2013 kicks off in style when Budweiser, Docomo Pacific and Rock Solid Productions present “Music On The Rock” Saturday January 12th at the Guam Greyhound Park featuring Hawaii’s J-Boog and Fiji live in concert. The artist whose created sweet melodies such as “Let's Do It Again” and “Sunshine Girl” is excited to finally play for the people of Guam, “I love traveling and sharing our music especially when it’s in front of a crowd of island people swaying to the vibe…We’re coming for you, Guam!” Opening for him is an artist whom many proclaim as one of the godfathers of Island music, Fiji. His familiar voice and lyrics have captivated fans of all generations and he makes his way back to Guam since a concert 6 years ago for the MWR at Polaris Point.
Jimmy Cliff who cuts such classic reggae singles as The Harder They Come, Many Rivers To Cross and You Can Get It If You Really Want It back in the 60s and 70s - says he has always been an outsider. He was keen to collaborate with other artists and experiment with different genres, whereas most reggae artists remained in a closed world. And in the context of Rastafarian-dominated reggae culture he was also a Christian who converted to Islam then explored other religions ... and he has some rather outsider views on faith.
A federal judge is expanding his investigation into allegations of juror misconduct in the drug trial of reggae star Buju Banton. U.S. District Judge James Moody today ordered U.S. marshals to seize computers belonging to jury forewoman Terri Wright so a defense expert can see whether Internet research was conducted during the trial. The judge also plans to hold a second hearing on the issue and subpoena the remaining jurors. The jury in the Banton case – as is common in all jury trials – was told to refrain from conducting outside research and to judge the case solely on evidence introduced in the courtroom and the legal instructions given by the judge.
From his office in the recording industry department of Middle Tennessee State University, Caribbean music expert Mike Alleyne literally wrote the book on reggae music — or one of the books, anyway. “The Encyclopedia of Reggae: The Golden Age of Roots Reggae” (Sterling, $24.95) has pages dedicated to artists like Bob Marley and UB40, but Professor Alleyne also includes subjects such as “reggae on film” and “Chinese Jamaicans” as separate entries. One might not think of Murfreesboro, Tenn., first as the place where a reggae music encyclopedia would be created.
The life and times of Bob Marley and his influence on post-colonial music is the focus of a course being offered this month at the Clive Davis Institute of Recorded Music, part of New York University's (NYU) Tisch School of Arts in lower Manhattan. It has long been argued that Marley's music provides a lifetime of learning. That it should now take up residence in a university setting may well be the natural order of things.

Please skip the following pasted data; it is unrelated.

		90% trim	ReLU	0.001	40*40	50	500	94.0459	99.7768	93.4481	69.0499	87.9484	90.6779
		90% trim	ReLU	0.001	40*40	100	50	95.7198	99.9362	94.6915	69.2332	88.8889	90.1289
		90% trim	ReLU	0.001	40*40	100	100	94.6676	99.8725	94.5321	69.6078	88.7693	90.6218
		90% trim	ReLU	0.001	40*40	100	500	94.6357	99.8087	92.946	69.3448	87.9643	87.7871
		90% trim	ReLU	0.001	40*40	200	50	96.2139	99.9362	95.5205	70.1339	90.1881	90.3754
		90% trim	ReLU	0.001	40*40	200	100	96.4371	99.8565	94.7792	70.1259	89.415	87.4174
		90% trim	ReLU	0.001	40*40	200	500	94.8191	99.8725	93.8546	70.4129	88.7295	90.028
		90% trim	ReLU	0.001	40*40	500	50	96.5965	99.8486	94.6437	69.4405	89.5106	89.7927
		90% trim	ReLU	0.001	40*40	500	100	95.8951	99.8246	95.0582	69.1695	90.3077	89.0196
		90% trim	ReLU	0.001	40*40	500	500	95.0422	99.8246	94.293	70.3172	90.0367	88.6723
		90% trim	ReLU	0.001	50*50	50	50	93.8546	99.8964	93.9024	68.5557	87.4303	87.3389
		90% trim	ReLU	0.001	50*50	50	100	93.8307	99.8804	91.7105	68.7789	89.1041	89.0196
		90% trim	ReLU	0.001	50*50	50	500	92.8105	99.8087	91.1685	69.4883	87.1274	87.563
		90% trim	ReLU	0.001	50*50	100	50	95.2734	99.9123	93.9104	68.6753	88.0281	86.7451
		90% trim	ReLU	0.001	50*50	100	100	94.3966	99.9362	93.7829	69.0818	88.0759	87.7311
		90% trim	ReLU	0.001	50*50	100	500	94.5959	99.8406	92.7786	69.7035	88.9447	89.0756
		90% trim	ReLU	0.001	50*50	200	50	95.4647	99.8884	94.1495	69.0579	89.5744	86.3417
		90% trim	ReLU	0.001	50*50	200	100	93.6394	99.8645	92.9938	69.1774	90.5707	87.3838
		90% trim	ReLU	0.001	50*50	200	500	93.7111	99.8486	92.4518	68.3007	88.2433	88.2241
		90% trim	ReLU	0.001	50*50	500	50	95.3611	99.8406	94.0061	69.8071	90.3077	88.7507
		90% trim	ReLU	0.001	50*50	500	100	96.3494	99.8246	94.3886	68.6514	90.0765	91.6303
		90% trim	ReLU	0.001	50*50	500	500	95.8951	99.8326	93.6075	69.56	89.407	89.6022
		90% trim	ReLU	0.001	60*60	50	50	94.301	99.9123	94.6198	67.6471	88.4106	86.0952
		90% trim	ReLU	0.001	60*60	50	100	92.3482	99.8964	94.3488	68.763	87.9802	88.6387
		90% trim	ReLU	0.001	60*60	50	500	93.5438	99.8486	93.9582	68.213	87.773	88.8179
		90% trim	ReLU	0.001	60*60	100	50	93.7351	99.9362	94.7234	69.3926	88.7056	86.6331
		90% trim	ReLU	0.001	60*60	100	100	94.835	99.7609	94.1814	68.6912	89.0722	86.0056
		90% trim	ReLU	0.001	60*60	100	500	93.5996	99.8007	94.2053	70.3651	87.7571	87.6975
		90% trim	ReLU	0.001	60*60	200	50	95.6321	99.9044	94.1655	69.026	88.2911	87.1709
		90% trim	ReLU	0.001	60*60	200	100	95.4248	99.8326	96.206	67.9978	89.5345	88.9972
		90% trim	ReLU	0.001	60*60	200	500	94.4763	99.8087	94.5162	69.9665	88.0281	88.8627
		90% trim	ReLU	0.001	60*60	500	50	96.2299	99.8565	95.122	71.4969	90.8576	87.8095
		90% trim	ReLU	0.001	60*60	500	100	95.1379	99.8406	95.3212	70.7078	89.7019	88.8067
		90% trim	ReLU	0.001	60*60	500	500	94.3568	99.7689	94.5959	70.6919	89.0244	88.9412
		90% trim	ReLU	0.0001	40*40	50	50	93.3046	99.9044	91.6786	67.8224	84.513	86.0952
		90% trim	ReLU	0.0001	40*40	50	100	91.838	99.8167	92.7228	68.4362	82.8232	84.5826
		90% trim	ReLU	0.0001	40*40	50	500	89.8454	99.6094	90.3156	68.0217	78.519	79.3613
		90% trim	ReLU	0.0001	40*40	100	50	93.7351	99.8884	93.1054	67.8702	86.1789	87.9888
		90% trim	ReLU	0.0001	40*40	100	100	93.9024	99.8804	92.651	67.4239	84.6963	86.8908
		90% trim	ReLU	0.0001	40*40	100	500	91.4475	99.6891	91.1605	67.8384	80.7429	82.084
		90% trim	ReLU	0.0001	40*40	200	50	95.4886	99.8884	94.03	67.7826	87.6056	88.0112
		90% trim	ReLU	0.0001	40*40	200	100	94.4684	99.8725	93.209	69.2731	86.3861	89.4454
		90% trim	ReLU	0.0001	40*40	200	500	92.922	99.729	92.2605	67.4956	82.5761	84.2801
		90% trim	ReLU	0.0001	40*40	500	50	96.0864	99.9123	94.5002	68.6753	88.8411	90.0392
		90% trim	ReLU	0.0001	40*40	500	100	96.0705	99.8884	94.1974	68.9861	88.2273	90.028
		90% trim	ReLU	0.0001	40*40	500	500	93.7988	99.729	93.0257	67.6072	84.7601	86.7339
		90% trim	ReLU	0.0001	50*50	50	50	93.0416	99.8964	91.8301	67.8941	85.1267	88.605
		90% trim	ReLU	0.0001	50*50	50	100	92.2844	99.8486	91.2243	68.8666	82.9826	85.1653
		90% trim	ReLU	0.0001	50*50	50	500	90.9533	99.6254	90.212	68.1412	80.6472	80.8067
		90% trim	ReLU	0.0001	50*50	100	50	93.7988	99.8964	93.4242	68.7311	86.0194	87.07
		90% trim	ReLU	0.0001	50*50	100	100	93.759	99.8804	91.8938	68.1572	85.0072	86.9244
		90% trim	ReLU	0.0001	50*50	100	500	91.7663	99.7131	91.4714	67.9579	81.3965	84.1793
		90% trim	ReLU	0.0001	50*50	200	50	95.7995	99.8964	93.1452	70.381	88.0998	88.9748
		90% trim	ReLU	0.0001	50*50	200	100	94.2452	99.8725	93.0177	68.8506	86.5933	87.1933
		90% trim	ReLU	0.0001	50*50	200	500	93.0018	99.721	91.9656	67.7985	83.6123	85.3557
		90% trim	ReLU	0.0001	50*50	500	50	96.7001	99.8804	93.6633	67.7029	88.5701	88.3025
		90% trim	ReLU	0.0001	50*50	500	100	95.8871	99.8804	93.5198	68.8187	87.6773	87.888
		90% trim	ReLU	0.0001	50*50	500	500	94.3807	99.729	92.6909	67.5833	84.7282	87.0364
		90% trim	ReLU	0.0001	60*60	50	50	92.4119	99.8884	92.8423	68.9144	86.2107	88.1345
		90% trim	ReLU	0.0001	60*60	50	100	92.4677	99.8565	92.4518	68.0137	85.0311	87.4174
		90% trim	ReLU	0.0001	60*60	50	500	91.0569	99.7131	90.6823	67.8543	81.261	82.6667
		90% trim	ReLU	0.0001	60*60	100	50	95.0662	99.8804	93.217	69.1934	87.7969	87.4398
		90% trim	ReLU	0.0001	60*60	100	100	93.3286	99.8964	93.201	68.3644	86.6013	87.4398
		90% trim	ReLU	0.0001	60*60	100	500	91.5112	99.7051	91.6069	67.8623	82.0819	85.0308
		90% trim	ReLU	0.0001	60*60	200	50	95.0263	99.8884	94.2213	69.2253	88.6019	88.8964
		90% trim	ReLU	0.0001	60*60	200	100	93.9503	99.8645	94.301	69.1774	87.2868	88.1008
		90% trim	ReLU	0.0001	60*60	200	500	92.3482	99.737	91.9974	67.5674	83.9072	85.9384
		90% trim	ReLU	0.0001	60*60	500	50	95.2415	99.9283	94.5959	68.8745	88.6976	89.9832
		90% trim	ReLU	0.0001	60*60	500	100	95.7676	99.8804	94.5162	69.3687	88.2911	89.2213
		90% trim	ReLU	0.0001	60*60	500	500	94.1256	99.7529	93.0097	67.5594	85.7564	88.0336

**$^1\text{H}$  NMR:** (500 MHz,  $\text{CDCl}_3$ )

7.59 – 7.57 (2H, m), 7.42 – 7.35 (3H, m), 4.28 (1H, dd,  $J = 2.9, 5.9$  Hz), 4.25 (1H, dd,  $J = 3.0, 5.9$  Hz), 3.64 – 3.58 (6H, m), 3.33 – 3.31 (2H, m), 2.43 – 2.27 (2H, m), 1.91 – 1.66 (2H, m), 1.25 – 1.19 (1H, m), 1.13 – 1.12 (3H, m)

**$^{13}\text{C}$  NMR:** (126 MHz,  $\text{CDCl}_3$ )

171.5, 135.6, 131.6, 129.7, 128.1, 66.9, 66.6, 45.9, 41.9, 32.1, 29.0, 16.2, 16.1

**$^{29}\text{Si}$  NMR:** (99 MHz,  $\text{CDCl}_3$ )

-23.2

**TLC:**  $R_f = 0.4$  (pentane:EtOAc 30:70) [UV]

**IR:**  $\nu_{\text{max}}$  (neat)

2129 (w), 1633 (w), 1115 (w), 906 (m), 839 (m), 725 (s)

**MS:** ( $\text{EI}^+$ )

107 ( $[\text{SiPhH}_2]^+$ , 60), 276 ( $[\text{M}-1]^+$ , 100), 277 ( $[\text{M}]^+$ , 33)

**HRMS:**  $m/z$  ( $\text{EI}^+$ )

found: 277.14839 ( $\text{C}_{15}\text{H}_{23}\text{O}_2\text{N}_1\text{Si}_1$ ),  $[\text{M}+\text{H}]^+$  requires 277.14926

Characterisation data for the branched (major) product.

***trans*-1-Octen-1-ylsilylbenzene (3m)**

Japanese reggae artiste Yoko, popularly known as Rankin Pumpkin, is now beaming with pride as she achieved her major goal for 2012 when she appeared alongside dancehall's elite at Sting 2012 on Boxing Day. "We are extremely delighted that she was again included in the line-up after making her Sting debut in 2011," said businessman Desmond Harvey, of the Montego Bay-based African Symbol Records, who has a long association with the Japanese singjay.
If there were to ever be a soundtrack to the long and valiant history of African liberation, I contend that that beat would be Reggae music. There is certainly a wide history of how music has been central to the communal life of any people, however the story of reggae and African liberation is highly intriguing and indeed, considering how reggae continues to be the music of the oppressed and revolutionised men and women all over the continent, it is also an inspiring story that offers us hope in the continued African struggle to develop herself.
IT was slow going in terms of chart action and sales for Jamaican pop music in 2012. But for a minor hit, dancehall/reggae was off the radar. December figures from American sales monitor SoundScan presented a dismal picture with no album by a contemporary Jamaican artiste selling 5,000 copies in the United States.
While they made a lot of noise at home, dancehall's finest, which includes Busy Signal, Konshens and I Octane, failed to impress overseas. Sean Paul, commercially the most successful dancehall artiste, also floundered.
The enigmatic singjay Popcaan was the only dancehall artiste to pierce the Billboard pop chart. His song, Only Man, made a brief appearance in February.
Julian Marley’s first trip to India saw him bring some ‘fyah’ to the stage as he played to a packed venue in Goa Every once in a while, a musician will come along and change the face of the music he chooses to play. For reggae music, that man was Bob Marley. More than 30 years after his death, his music still lives on. One of the reasons for this, however, is the fact that some of his sons — most notably Ziggy, Stephen, Julian and Damian Marley — continue to be established musicians, and are keeping the Marley legacy alive by performing their father’s songs.
Reggae World Unity Festival scheduled for Sunday, January 20, 2013 Martin Luther King Jr. Weekend at Grand Central Park in Downtown Miami. Get ready to be swept away by the sounds and food of the Caribbean. Downtown Miami's aroma will be filled with a sweet cool breeze from the West Indies of Carribean Delicacies and Reggae Music. The Reggae World Unity Festival offers up a jam-packed cavalcade of stars, a day of peace, love & unity and good old sound system vibes of when dance was nice on January 20th 2013 at Grand Central Park in Miami, Florida from 2pm – 11pm.